Researchers have surveyed greenhouse gas emissions by age in 2005, 2010 and 2015. The survey includes 27 EU countries, Norway, the United Kingdom, the United States, Australia and Japan. Photo: Shutterstock

People over 60 are greenhouse gas emission bad guys

Baby boomers have a big climate footprint. In 2005, people over 60 accounted for 25% of greenhouse gas emissions. In 2015, that number jumped to nearly 33%.

“Older people used to be thrifty. The generation that experienced World War II was careful about how they used resources. The ‘new elderly’ are different,” says Edgar Hertwich, an NTNU professor in the Industrial Ecology Programme.

An NTNU study surveyed greenhouse gas emissions by age in 2005, 2010 and 2015. The survey includes 27 EU countries, Norway, the United Kingdom, the USA, Australia and Japan.

Big change in a short time

“The post-war ‘baby boomer’ generation are the new elderly. They have different consumption patterns than the ‘quiet generation’ that was born in the period 1928-1945. Today’s seniors spend more money on houses, energy consumption and food,” says Hertwich.

In 2005, the over-60 age group accounted for lower emissions than the 30-44 and 45-59 age groups. In 2015, seniors had surpassed the 30-44-year-old levels, and were at the same level as the 45-59-year-olds.

The ageing wave is sweeping the world, so when the new elderly have a larger climate footprint, it’s bad news.

Heran Zheng, a postdoctoral fellow at NTNU, believes that there is good reason to assume that the 60-plus group has surpassed the 45-59 group since 2015 and is now at the top of the emissions ladder.

Message to politicians

The study shows that seniors are responsible for an increasing share of climate emissions in all 32 countries surveyed. Seniors in Japan stand out, accounting for over half of climate emissions.

Zheng says the most important message from this research is for politicians to be aware that the ageing population is making it more difficult to reduce greenhouse gas emissions.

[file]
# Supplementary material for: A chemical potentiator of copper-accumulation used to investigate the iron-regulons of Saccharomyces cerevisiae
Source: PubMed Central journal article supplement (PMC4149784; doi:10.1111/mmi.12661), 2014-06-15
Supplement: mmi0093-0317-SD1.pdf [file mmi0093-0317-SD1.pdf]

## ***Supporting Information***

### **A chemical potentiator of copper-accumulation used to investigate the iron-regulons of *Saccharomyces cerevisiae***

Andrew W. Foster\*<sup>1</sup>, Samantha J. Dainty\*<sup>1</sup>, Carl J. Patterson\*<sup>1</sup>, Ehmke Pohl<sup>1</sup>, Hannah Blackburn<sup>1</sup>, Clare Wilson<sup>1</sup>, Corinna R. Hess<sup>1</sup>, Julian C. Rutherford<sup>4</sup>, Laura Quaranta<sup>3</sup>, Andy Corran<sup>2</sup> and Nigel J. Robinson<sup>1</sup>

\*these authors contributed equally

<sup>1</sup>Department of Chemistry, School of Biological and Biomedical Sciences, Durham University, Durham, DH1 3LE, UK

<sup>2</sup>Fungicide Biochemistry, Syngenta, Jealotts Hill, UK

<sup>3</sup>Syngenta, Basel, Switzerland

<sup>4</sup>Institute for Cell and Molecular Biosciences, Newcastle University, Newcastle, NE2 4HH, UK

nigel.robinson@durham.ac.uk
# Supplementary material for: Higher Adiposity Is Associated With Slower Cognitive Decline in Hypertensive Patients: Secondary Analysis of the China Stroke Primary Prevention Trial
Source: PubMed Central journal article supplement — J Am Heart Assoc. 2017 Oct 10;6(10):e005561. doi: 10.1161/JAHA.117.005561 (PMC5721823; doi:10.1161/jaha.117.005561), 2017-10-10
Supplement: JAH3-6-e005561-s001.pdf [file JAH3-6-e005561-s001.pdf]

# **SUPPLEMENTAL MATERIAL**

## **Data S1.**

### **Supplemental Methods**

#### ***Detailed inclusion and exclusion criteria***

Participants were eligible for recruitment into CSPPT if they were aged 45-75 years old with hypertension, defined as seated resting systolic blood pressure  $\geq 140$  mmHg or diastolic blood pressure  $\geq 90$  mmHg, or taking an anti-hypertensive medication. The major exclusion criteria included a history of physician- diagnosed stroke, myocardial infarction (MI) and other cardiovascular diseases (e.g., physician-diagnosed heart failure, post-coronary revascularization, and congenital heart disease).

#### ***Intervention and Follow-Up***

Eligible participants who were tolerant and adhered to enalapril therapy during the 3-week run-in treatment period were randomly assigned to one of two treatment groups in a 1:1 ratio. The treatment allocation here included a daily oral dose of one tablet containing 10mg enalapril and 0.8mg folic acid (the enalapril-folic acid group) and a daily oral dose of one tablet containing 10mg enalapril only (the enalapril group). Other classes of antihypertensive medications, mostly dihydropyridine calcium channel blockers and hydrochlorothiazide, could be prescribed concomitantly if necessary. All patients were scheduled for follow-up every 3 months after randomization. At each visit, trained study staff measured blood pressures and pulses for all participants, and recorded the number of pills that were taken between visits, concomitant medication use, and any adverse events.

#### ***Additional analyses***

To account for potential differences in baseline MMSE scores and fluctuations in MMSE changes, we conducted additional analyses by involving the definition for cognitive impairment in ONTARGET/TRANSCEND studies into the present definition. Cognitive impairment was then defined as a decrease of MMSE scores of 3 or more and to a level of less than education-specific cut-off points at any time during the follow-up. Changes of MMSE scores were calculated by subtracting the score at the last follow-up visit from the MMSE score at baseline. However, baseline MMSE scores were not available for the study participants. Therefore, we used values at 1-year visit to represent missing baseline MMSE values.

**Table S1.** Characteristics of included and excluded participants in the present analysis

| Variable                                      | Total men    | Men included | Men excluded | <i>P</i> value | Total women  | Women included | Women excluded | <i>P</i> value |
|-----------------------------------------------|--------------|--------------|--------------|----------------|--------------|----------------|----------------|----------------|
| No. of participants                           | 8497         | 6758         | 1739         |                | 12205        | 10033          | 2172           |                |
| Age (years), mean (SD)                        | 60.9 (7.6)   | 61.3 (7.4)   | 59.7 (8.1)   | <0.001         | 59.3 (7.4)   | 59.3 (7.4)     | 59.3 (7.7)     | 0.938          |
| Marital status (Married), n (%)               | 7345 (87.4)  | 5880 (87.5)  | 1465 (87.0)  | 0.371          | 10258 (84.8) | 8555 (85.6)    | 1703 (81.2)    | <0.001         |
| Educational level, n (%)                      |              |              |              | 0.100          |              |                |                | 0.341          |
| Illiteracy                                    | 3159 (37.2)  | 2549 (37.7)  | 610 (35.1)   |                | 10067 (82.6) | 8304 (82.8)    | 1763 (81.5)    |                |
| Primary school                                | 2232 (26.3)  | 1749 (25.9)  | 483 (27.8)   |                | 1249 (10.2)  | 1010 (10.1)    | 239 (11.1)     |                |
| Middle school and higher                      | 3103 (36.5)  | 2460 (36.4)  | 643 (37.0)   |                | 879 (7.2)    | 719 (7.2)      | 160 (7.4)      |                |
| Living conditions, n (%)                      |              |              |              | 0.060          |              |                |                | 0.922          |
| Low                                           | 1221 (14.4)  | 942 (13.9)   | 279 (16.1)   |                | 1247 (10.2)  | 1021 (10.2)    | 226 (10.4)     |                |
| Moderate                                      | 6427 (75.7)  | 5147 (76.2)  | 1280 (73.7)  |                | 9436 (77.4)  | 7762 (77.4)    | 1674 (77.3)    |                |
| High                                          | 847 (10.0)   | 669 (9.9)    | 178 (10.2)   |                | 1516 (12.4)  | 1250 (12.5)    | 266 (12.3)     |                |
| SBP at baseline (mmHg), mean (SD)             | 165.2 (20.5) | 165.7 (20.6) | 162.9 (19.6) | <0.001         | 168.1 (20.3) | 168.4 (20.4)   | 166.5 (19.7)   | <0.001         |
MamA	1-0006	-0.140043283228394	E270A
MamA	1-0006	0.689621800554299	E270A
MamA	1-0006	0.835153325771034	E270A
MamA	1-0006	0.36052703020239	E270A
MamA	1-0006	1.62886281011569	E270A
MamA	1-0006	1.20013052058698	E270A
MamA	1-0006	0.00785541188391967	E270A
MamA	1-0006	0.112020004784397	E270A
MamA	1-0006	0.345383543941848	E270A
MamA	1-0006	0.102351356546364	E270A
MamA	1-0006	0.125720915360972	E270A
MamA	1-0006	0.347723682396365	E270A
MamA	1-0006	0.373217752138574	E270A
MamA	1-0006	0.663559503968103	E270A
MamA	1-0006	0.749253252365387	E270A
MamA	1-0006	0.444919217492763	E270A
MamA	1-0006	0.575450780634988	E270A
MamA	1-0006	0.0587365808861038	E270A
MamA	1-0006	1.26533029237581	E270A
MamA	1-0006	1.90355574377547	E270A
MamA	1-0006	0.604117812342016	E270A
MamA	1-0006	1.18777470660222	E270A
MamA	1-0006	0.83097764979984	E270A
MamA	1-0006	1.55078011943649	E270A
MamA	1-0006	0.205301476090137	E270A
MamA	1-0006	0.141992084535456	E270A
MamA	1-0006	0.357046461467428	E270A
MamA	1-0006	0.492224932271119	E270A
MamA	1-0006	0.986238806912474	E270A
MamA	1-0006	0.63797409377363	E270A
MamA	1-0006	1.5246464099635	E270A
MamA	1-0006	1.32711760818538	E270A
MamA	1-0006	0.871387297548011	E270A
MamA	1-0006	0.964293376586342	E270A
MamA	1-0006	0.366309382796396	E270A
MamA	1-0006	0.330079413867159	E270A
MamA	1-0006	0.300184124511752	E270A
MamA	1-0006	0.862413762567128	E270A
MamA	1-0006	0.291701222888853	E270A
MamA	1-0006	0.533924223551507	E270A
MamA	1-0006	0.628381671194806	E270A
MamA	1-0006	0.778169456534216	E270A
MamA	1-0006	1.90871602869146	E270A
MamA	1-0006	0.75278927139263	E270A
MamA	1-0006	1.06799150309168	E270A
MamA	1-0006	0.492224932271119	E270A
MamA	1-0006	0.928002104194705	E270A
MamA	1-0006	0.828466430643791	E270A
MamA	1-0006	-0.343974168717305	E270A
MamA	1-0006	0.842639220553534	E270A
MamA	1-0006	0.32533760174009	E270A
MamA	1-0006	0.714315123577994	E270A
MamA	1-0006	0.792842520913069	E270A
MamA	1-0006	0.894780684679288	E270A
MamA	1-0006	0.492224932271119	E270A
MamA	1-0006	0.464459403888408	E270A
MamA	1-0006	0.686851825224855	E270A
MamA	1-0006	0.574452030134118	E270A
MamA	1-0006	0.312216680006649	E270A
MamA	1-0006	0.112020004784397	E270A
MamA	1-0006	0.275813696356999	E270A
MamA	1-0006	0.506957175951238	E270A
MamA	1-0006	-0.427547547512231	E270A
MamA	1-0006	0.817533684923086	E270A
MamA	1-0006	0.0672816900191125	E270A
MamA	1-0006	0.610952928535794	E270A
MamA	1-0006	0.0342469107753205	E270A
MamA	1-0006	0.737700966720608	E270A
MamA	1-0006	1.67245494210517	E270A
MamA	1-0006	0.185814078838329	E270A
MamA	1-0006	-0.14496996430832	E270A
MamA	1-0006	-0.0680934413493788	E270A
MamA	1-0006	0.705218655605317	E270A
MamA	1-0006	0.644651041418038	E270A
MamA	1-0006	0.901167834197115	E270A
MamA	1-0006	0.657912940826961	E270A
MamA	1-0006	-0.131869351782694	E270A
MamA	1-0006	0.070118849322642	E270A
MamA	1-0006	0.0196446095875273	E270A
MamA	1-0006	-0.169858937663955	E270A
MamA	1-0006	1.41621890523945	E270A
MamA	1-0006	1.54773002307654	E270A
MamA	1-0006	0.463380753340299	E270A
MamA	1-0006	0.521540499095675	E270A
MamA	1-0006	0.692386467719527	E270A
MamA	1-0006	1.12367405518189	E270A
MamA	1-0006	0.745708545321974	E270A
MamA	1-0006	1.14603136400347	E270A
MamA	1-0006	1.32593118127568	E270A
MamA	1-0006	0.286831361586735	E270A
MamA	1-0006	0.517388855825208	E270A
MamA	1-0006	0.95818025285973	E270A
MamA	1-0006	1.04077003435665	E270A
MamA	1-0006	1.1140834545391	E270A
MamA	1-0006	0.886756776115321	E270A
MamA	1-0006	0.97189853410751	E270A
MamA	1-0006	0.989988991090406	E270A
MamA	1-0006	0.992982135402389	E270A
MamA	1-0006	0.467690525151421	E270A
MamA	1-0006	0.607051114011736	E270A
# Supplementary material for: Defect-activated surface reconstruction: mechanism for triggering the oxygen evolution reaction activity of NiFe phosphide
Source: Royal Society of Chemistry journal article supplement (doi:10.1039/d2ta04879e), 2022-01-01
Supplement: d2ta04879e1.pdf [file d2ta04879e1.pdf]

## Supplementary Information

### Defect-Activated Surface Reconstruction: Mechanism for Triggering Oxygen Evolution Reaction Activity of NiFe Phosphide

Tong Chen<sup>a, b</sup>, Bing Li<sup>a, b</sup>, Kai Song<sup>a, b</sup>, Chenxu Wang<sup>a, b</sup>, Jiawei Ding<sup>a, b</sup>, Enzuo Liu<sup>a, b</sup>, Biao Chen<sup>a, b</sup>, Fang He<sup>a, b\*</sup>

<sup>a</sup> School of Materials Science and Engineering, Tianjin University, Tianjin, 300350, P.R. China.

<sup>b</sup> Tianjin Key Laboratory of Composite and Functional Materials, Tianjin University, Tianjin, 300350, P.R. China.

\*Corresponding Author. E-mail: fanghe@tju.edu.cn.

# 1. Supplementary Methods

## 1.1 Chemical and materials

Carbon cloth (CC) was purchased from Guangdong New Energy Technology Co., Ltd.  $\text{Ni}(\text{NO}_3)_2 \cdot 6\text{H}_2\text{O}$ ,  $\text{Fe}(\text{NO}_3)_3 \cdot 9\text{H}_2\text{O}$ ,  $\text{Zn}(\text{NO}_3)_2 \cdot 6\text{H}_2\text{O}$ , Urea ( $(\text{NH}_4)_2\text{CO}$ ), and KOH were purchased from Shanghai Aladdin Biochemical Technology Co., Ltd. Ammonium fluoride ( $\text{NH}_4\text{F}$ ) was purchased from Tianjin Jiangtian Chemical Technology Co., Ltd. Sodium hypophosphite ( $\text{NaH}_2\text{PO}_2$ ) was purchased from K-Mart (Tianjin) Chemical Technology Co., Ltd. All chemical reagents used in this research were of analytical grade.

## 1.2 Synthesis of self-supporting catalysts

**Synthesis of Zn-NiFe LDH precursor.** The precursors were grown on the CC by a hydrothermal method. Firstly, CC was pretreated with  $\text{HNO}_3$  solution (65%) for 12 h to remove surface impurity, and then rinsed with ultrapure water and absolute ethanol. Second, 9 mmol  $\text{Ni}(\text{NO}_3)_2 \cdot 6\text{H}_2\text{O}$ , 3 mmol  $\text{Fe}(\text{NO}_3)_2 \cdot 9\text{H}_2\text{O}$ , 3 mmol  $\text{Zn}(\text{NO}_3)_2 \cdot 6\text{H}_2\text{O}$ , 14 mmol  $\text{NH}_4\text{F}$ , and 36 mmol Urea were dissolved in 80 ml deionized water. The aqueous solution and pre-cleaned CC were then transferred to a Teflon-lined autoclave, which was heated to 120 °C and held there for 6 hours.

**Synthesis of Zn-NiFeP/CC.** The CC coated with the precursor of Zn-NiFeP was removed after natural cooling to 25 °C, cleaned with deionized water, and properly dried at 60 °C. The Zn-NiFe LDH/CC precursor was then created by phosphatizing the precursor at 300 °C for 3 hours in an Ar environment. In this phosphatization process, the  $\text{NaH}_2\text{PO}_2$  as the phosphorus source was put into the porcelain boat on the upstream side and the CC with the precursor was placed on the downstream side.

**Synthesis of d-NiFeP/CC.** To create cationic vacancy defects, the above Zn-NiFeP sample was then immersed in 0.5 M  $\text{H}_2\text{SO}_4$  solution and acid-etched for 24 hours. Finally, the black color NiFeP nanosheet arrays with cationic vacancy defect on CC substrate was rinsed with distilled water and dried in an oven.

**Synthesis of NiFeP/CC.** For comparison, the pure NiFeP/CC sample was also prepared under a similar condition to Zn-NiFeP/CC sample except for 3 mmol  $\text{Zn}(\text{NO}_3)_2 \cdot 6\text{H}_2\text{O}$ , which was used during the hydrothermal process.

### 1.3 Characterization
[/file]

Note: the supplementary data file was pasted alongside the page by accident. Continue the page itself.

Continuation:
“The consumption habits of seniors are more rigid. For example, it would be an advantage if more people moved to smaller homes once the kids moved out,” he says. “Hopefully more senior-friendly housing communities, transport systems and infrastructure can be built.”

Global ageing wave

The ageing wave is sweeping the world, so as the new elderly increase their climate footprint, it’s bad news. In addition to the fact that the large age groups from the 1950s and 1960s are on their way into old age, life expectancy is increasing. The elderly population in the 32 countries in the NTNU study will double between 2019 and 2050.

More local emissions

In comparison with other age groups, emissions that the elderly account for tend to be more local. Younger age groups consume more imported goods, clothing, electronics and furniture, goods that lead to emissions in other countries.

Norwegians over the age of 60 have distinctly higher emissions than Swedes and Danes.

“Income shrinks in retirement, but seniors in developed countries have accumulated value, primarily in housing. A lot of them have seen a large increase in the value of their property. The elderly are able to maintain their high consumption through their wealth. This happens especially in carbon-intensive areas like energy. An increasing proportion of this age group live alone. This isn’t the case in all countries, but it reflects the overall picture,” says Zheng, who is affiliated with NTNU’s Department of Energy and Process Engineering.

Norway is high on the list

If you look at annual emissions by the number of tonnes per person, the elderly in Australia and the USA come out worst with 21 tonnes in 2015, close to double the European average.

In Europe, Luxembourg seniors have the highest emissions with 19 tonnes. Great Britain, Norway, Finland and Ireland are also in the upper emission echelons.

Norwegians over the age of 60 have distinctly higher emissions (12 tonnes) than Swedes (7.4 tonnes) and Danes (10.2 tonnes). Elderly people in Romania, Lithuania, Hungary, Croatia and Estonia account for the fewest emissions per person.

Two senior couples on a double date enjoying together while toasting the wine glasses at a restaurant table

Older people in the US and Australia are the biggest emitters in the new emissions ranking. Photo: Shutterstock

Everyone emitting less

Although the distribution of emissions between the age groups has changed, all groups have reduced their emissions between 2005 and 2015. And the young are leading the lower trend. People under the age of 30 have cut their annual emissions by 3.7 tonnes during this period. The 30-44-year-olds reduced emissions by 2.7 tonnes and the 45-59-year-old group by 2.2 tonnes. People over the age of 60 had the smallest decline, only 1.5 tonnes.

The project is funded by the Bymarka Project, SHAPE (Social Sciences, Humanities and the Arts for People and the Economy), the Research Council of Norway, the National Natural Science Foundation of China and the Natural Environment Research Council of the United Kingdom.

References: Heran Zheng, Edgar Hertwich et al: Ageing society in developed countries challenges carbon mitigation, Nature Climate Change. https://doi.org/10.1038/s41558-022-01302-y